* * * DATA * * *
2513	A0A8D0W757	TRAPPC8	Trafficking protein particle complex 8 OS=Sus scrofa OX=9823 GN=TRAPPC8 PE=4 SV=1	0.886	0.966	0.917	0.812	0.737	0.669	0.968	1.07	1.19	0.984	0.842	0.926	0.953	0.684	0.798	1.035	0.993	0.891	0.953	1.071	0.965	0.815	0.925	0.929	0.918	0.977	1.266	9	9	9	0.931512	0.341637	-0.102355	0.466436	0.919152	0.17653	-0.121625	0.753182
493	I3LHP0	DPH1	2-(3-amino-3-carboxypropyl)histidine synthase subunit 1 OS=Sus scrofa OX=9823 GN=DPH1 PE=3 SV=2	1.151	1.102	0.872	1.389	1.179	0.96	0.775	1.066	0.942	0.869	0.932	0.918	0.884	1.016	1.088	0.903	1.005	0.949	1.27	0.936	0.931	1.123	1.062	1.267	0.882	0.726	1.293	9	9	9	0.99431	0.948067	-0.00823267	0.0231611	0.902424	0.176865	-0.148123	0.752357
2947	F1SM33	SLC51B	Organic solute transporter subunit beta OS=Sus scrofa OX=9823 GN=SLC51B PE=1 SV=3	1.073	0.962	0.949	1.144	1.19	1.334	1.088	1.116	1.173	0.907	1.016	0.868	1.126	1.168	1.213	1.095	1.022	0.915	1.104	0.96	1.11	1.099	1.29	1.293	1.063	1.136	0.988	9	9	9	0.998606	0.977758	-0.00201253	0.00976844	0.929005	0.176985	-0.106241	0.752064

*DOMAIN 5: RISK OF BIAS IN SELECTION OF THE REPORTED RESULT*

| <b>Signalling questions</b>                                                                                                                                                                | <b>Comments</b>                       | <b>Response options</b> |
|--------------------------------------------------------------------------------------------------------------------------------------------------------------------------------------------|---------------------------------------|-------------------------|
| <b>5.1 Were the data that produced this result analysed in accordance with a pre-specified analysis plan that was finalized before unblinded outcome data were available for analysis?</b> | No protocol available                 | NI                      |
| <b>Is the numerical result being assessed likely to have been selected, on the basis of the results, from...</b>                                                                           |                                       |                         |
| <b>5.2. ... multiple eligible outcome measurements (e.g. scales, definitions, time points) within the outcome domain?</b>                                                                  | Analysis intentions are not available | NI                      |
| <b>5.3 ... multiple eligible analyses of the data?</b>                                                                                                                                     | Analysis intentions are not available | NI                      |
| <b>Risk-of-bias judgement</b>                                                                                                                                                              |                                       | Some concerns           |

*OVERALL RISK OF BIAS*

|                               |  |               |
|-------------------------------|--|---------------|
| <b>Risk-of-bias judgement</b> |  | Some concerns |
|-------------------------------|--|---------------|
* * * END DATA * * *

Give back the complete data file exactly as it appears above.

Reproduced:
2513	A0A8D0W757	TRAPPC8	Trafficking protein particle complex 8 OS=Sus scrofa OX=9823 GN=TRAPPC8 PE=4 SV=1	0.886	0.966	0.917	0.812	0.737	0.669	0.968	1.07	1.19	0.984	0.842	0.926	0.953	0.684	0.798	1.035	0.993	0.891	0.953	1.071	0.965	0.815	0.925	0.929	0.918	0.977	1.266	9	9	9	0.931512	0.341637	-0.102355	0.466436	0.919152	0.17653	-0.121625	0.753182
493	I3LHP0	DPH1	2-(3-amino-3-carboxypropyl)histidine synthase subunit 1 OS=Sus scrofa OX=9823 GN=DPH1 PE=3 SV=2	1.151	1.102	0.872	1.389	1.179	0.96	0.775	1.066	0.942	0.869	0.932	0.918	0.884	1.016	1.088	0.903	1.005	0.949	1.27	0.936	0.931	1.123	1.062	1.267	0.882	0.726	1.293	9	9	9	0.99431	0.948067	-0.00823267	0.0231611	0.902424	0.176865	-0.148123	0.752357
2947	F1SM33	SLC51B	Organic solute transporter subunit beta OS=Sus scrofa OX=9823 GN=SLC51B PE=1 SV=3	1.073	0.962	0.949	1.144	1.19	1.334	1.088	1.116	1.173	0.907	1.016	0.868	1.126	1.168	1.213	1.095	1.022	0.915	1.104	0.96	1.11	1.099	1.29	1.293	1.063	1.136	0.988	9	9	9	0.998606	0.977758	-0.00201253	0.00976844	0.929005	0.176985	-0.106241	0.752064

*DOMAIN 5: RISK OF BIAS IN SELECTION OF THE REPORTED RESULT*

| <b>Signalling questions</b>                                                                                                                                                                | <b>Comments</b>                       | <b>Response options</b> |
|--------------------------------------------------------------------------------------------------------------------------------------------------------------------------------------------|---------------------------------------|-------------------------|
| <b>5.1 Were the data that produced this result analysed in accordance with a pre-specified analysis plan that was finalized before unblinded outcome data were available for analysis?</b> | No protocol available                 | NI                      |
| <b>Is the numerical result being assessed likely to have been selected, on the basis of the results, from...</b>                                                                           |                                       |                         |
| <b>5.2. ... multiple eligible outcome measurements (e.g. scales, definitions, time points) within the outcome domain?</b>                                                                  | Analysis intentions are not available | NI                      |
| <b>5.3 ... multiple eligible analyses of the data?</b>                                                                                                                                     | Analysis intentions are not available | NI                      |
| <b>Risk-of-bias judgement</b>                                                                                                                                                              |                                       | Some concerns           |

*OVERALL RISK OF BIAS*

|                               |  |               |
|-------------------------------|--|---------------|
| <b>Risk-of-bias judgement</b> |  | Some concerns |
|-------------------------------|--|---------------|